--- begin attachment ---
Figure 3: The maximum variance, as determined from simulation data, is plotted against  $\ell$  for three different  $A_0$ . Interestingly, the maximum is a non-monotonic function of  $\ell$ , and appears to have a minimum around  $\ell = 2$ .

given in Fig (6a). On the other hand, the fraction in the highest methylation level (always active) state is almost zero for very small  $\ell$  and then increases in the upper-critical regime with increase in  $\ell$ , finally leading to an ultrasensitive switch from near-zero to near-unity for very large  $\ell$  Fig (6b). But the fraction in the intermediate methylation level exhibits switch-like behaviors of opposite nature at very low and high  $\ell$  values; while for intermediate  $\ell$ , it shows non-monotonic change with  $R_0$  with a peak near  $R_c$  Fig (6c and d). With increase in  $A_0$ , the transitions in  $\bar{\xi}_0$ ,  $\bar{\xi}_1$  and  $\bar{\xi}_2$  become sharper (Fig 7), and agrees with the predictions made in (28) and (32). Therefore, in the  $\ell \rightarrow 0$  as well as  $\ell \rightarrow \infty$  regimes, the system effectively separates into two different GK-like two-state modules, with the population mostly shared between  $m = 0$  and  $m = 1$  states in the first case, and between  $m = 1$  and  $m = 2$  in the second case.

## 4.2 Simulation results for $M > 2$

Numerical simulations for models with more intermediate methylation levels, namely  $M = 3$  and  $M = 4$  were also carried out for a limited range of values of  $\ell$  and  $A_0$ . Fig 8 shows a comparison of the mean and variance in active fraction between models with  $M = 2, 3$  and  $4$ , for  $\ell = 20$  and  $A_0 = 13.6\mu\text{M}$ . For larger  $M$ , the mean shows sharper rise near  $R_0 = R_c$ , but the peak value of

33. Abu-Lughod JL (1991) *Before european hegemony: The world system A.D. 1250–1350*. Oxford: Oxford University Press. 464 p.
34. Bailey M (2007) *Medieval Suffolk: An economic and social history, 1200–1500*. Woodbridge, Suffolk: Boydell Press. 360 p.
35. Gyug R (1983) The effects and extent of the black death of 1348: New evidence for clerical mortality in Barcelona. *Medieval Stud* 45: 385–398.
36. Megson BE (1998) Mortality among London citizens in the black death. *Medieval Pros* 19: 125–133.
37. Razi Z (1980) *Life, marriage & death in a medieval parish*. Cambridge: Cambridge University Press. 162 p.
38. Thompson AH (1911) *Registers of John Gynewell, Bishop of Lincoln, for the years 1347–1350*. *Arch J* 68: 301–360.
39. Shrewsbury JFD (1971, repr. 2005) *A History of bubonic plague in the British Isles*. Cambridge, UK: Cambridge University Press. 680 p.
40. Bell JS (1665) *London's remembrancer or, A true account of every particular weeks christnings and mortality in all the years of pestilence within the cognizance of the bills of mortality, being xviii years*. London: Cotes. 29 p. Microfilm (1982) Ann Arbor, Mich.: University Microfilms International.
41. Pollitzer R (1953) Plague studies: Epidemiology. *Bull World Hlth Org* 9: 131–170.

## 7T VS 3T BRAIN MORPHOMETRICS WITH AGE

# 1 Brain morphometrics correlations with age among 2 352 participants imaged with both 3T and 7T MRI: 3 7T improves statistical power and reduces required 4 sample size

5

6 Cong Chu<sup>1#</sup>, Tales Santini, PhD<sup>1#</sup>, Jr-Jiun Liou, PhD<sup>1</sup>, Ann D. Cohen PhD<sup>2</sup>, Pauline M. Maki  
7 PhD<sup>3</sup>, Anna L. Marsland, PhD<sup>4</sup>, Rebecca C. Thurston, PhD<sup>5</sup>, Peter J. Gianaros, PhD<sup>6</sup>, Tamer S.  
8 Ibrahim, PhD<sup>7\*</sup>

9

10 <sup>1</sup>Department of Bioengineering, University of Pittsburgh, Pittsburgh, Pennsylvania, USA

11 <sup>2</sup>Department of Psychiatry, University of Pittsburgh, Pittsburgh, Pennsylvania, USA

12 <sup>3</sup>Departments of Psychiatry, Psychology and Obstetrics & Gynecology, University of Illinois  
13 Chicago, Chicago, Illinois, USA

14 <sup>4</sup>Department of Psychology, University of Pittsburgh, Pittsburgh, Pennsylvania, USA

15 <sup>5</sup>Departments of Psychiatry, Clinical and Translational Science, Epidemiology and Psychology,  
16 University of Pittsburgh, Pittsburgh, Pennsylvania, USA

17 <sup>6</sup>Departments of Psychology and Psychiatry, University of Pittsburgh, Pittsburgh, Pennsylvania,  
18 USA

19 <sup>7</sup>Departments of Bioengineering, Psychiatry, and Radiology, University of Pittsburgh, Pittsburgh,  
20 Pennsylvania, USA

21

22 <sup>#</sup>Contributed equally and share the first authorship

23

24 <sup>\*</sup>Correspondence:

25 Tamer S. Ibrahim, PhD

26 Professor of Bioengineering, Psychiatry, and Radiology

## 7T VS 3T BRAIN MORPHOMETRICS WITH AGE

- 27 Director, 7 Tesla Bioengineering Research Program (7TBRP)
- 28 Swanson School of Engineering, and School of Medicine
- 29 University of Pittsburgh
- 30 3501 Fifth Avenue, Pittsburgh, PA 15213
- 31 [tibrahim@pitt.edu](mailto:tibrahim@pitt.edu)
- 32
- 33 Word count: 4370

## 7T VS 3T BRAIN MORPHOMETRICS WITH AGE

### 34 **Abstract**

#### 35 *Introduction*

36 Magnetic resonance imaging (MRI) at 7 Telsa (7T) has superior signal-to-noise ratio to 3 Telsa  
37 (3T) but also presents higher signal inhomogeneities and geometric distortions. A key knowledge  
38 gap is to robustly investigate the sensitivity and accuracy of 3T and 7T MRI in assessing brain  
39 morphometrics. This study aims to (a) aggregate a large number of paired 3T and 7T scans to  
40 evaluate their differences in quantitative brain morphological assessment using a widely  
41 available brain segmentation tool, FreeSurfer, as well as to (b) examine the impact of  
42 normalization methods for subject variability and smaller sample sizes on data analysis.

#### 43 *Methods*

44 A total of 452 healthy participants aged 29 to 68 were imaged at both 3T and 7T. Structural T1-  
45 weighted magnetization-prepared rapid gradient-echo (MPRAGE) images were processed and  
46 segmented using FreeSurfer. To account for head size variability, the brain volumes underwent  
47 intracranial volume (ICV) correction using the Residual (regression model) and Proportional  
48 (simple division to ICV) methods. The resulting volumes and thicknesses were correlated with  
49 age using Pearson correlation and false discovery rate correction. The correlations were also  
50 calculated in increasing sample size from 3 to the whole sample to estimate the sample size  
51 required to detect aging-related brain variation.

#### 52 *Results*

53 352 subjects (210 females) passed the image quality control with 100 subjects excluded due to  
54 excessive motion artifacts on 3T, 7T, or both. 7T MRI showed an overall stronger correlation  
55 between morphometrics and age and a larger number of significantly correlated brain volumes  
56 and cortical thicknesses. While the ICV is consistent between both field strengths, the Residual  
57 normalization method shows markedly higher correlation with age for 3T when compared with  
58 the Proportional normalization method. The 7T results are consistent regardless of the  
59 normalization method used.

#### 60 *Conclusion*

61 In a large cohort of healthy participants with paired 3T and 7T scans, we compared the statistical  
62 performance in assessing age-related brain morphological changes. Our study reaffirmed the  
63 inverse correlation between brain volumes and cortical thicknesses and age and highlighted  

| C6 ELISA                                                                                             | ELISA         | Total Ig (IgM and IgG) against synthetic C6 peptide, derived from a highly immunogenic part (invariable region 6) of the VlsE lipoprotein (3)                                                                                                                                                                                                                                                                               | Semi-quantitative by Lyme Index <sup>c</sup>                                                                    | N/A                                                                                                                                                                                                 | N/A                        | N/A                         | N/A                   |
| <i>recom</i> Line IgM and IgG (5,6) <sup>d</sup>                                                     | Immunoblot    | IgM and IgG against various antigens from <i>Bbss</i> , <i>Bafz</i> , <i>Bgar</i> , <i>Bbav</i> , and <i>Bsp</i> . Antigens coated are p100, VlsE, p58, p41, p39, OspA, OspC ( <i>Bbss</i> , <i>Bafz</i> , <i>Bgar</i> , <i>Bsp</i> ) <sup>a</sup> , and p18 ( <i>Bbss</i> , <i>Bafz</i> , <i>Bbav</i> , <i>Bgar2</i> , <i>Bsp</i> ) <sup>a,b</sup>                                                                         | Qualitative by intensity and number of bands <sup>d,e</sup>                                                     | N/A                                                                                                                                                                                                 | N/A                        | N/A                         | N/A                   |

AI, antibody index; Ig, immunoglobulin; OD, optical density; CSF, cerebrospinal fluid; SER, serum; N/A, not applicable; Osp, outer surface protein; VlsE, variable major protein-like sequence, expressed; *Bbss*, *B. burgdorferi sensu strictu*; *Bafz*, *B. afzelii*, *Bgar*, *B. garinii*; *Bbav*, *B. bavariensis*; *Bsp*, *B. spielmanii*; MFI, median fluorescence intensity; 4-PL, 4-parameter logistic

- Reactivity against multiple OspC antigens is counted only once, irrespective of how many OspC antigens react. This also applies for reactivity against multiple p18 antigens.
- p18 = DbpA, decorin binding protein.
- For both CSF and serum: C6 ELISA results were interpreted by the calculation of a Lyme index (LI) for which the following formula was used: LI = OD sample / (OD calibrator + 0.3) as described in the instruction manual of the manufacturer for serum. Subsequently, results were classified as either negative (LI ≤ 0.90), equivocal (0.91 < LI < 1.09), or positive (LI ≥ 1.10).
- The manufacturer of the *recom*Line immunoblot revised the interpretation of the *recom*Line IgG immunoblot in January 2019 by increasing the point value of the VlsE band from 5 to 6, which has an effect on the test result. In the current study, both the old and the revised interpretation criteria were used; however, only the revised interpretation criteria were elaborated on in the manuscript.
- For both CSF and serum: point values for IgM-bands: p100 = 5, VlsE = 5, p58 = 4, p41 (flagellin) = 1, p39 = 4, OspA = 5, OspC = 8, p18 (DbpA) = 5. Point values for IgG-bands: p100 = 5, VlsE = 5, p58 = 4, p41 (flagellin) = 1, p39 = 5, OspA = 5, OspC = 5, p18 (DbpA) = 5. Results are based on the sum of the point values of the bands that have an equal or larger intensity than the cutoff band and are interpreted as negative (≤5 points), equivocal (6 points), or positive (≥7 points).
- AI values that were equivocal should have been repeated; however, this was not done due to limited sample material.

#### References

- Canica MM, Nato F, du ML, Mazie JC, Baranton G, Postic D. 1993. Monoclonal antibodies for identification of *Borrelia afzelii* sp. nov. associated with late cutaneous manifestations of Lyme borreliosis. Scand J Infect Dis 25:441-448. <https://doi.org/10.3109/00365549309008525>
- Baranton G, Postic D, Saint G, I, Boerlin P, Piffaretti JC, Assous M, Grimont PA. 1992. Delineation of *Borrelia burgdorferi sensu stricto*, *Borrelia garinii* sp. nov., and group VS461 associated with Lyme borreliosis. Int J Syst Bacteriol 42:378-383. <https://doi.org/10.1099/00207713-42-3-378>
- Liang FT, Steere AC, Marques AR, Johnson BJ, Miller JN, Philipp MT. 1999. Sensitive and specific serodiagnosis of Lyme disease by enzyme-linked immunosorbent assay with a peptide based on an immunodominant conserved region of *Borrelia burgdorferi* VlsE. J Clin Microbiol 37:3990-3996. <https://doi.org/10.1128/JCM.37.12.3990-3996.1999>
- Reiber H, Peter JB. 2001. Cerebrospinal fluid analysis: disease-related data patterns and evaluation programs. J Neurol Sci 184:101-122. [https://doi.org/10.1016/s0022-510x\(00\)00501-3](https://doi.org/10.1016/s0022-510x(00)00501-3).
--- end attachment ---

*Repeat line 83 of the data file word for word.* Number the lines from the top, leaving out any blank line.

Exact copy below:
- The manufacturer of the *recom*Line immunoblot revised the interpretation of the *recom*Line IgG immunoblot in January 2019 by increasing the point value of the VlsE band from 5 to 6, which has an effect on the test result. In the current study, both the old and the revised interpretation criteria were used; however, only the revised interpretation criteria were elaborated on in the manuscript.